I think that’s why our show has been successful, because people enjoy that these characters are fighting for goodness amidst all their bumbling complexities and idiotic behavior.

DANSON When I think about Mike Schur, one of the things I think about is that he’s a decent man. And I think to talk about decency and ethics and consequences and do it with a 9-year-old’s fart sense of humor and magical visual effects, it’s just brilliant.

Was the morality of it, for lack of a better word, one of the reasons you were interested?
DANSON I don’t think I got it until I started watching the shows and would see Eleanor wrap up a little moral to our story. It took me a while to get it. You must have gotten it faster.

BELL For sure. In that love fest with Mike in our first meeting, I realized that he, too, has long been preoccupied with what it means to be a good person. I felt a connection with him.

So you have that preoccupation as well?
BELL Oh, yeah. It began as your regular old therapeutic codependency. I wanted to please people, and I want to be liked, and I’m afraid to disappoint people. And in learning how to manage that a little bit more, and figure out how to be good to myself with self-care and boundaries, I realized that a lot of my codependency was things that I really enjoyed, and some of it wasn’t codependency at all. It was just who I wanted to be.

There is a part that recognizes that good behavior makes me feel good. Who knows if there will ever be a reward, but the reward of feeling good is enough for me right now.

Ted, was it as much fun for you as it was for the audience when you showed up as a bartender in a scene late in Season 2?
DANSON No! I hate getting behind a bar. It took me a year on “Cheers” to not be embarrassed or shy. I was so not a bar person or a confident Romeo. I was a backwards, shy kind of kid. Took me almost a year to get that Sam Malone relief-pitcher, bartender arrogance. So having stopped that, I seriously have anxiety stepping behind a bar. It was a great scene, but I was so uncomfortable.

Had you two met before this series?
BELL We had. My husband and I had just watched the first season of “Damages,” which is so good. Ted plays Arthur Frobisher, and we were so obsessed with it that for that year or two, we changed our alias to get mail to Holly and Arthur Frobisher.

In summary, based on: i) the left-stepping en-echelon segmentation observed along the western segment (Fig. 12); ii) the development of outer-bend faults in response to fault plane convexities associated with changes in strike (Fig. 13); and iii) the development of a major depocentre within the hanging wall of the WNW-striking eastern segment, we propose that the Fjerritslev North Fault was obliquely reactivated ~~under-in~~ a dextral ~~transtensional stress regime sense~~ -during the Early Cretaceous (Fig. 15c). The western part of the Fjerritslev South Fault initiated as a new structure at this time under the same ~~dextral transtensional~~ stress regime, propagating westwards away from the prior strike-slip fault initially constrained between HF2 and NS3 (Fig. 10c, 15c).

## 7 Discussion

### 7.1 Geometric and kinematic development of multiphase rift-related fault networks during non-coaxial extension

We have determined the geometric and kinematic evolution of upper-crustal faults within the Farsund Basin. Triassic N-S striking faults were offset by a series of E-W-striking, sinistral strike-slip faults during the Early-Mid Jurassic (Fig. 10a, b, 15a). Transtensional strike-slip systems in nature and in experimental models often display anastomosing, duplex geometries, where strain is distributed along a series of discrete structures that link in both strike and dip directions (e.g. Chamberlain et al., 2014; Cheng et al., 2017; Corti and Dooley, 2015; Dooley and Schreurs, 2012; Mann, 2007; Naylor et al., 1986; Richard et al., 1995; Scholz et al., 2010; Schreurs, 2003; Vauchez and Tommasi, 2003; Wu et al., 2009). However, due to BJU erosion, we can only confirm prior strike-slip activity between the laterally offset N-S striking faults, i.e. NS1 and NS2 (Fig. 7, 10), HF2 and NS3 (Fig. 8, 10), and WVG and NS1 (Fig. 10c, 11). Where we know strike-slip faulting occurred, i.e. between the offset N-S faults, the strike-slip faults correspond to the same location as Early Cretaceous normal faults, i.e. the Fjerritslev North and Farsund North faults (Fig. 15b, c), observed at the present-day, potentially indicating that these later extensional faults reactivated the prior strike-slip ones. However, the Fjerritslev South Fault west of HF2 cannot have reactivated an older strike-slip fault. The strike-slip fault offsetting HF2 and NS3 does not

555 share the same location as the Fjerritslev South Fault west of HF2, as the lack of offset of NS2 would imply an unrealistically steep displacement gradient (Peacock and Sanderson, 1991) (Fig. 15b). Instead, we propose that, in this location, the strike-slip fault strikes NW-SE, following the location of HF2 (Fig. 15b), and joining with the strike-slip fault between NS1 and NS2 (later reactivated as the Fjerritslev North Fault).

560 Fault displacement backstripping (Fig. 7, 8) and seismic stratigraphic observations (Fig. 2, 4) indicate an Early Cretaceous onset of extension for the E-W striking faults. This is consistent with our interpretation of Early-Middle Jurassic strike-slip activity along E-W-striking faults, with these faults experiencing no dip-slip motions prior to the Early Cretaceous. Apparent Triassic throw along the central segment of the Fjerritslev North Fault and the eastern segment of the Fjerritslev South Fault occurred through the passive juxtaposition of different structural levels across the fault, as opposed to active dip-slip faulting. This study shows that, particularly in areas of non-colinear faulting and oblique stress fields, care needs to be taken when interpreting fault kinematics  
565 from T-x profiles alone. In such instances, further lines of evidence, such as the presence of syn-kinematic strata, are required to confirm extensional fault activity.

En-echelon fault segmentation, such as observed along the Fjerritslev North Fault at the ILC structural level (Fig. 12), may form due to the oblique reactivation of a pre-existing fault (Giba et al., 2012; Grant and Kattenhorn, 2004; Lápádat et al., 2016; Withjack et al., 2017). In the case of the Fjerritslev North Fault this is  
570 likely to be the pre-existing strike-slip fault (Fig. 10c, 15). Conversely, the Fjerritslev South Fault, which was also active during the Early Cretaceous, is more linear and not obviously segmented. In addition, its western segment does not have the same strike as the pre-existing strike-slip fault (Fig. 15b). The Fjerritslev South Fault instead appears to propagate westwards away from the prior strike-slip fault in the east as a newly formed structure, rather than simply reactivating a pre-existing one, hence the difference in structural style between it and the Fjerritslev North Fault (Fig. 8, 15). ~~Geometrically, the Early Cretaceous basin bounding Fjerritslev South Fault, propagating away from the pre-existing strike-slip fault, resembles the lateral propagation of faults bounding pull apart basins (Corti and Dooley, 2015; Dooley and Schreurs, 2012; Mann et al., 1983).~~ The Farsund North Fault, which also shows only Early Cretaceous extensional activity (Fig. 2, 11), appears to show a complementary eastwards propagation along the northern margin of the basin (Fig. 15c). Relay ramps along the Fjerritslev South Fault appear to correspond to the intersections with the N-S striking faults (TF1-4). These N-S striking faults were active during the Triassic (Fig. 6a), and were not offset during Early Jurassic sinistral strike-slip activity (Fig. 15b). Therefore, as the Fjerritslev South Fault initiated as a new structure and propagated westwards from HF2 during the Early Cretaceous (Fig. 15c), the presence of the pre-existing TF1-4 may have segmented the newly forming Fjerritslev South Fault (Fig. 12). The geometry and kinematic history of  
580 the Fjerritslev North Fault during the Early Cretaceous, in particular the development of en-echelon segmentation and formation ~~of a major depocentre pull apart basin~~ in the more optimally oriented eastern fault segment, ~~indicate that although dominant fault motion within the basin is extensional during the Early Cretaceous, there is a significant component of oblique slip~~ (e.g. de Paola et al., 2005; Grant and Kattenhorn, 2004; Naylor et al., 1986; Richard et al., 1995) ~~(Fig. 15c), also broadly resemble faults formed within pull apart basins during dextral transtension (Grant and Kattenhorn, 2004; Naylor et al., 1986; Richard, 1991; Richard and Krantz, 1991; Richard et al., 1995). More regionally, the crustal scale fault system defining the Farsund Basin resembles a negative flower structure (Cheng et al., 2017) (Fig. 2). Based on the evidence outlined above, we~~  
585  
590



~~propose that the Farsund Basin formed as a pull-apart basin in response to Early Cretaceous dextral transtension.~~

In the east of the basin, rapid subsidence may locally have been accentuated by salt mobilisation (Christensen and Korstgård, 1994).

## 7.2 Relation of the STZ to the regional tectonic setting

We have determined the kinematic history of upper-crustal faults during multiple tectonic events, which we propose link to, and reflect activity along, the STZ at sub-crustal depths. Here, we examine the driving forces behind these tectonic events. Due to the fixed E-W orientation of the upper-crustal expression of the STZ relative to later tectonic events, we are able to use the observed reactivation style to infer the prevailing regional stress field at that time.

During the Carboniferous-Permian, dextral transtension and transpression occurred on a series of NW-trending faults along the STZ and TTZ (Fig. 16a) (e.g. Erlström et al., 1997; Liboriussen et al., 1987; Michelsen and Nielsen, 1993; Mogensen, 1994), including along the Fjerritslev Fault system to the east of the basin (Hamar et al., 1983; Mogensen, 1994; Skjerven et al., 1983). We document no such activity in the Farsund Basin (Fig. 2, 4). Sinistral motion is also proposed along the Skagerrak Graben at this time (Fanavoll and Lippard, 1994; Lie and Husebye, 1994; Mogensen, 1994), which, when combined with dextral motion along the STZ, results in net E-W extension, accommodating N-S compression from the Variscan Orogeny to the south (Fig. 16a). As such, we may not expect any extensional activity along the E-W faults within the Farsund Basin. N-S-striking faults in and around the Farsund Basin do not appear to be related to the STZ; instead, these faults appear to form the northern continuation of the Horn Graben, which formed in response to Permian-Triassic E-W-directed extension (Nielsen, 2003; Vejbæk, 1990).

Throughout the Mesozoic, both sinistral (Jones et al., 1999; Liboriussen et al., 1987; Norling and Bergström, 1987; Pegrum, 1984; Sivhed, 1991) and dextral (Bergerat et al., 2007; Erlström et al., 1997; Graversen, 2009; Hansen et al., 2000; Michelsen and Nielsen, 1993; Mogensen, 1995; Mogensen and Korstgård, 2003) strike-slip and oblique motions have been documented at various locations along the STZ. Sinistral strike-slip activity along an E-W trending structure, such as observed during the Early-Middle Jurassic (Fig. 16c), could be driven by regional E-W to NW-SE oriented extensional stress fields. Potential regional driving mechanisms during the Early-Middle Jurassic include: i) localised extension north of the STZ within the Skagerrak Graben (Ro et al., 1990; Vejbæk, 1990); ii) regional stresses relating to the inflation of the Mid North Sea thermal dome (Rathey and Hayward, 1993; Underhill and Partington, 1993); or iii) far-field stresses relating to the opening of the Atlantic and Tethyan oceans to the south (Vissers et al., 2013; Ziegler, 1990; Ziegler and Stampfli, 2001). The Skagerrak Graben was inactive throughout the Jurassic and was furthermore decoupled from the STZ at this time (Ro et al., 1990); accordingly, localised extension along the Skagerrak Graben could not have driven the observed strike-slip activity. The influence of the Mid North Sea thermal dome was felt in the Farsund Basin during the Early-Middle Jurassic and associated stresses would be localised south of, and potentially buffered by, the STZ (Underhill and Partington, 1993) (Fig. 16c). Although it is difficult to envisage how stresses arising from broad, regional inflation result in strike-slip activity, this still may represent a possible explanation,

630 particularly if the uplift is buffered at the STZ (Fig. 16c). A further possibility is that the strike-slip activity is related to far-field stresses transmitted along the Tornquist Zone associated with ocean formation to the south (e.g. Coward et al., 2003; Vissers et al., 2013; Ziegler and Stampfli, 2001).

Then I booked this movie called “Big Miracle,” which Ted was also in. And I met him for the first time in Alaska in this lobby of the hotel. And I said, “Hello, Mr. Danson, my name is Kristen Bell. I don’t want to freak you out, but I do want to let you know that I am checked into this hotel as Holly Frobisher.” And he was like, “Oh, OK. Very nice to meet you.” I realized in retrospect that was maybe not a good opener.

DANSON Captain Cook.

BELL It was the Captain Cook Hotel. Did it freak you out when I told you I was checked in as Mrs. Frobisher?

DANSON Well, maybe.

BELL Did you, like, tell the ADs to keep me away?

DANSON No. And now that I know you and Dax, I can see how much fun you must have had doing it.

BELL Oh, we loved it.

I hear you took Ted to his first escape room, and I’m wondering if there will be a second.
DANSON No. No f—ing way.

BELL Shut up! There will be a second escape room. First of all, if Mary [Steenburgen, Danson’s wife] and I have anything to say about it, there will be.

DANSON Mary is dying to go again.

BELL I should have done more research, so this one is on me. I should have realized that this was an escape room where A, they split your group up, which is already no fun, and B, they turn off the lights, so it’s pitch black. You are given flashlights, and Ted just sat down on the little twin bed that was in the room and handed Dax his flashlight…

DANSON And just stretched out.

BELL Meanwhile, Mary was killing it on our side. She was an amazing detective.

DANSON It wasn’t just that the lights were out and I like to take naps. It’s also that I was with the guys, and the guys are meant to relax. If I’m around women, I’m up and interested. If it’s the guys, I’m gonna stretch out. There’s no one to impress.

Getting back to your show, do you have any ideas of how you’d like things to end for your characters?
DANSON I can guarantee that whatever I could possibly imagine would fall so short of whatever comes out of Mike’s noggin.

BELL Ditto. Yeah. We know our place, and we’re so happy to live here.

It’s a good place?
BELL Exactly. I have no problem leaving the heavy lifting up to them.

Read more of TheWrap’s Comedy/Drama/Actors Emmy issue here.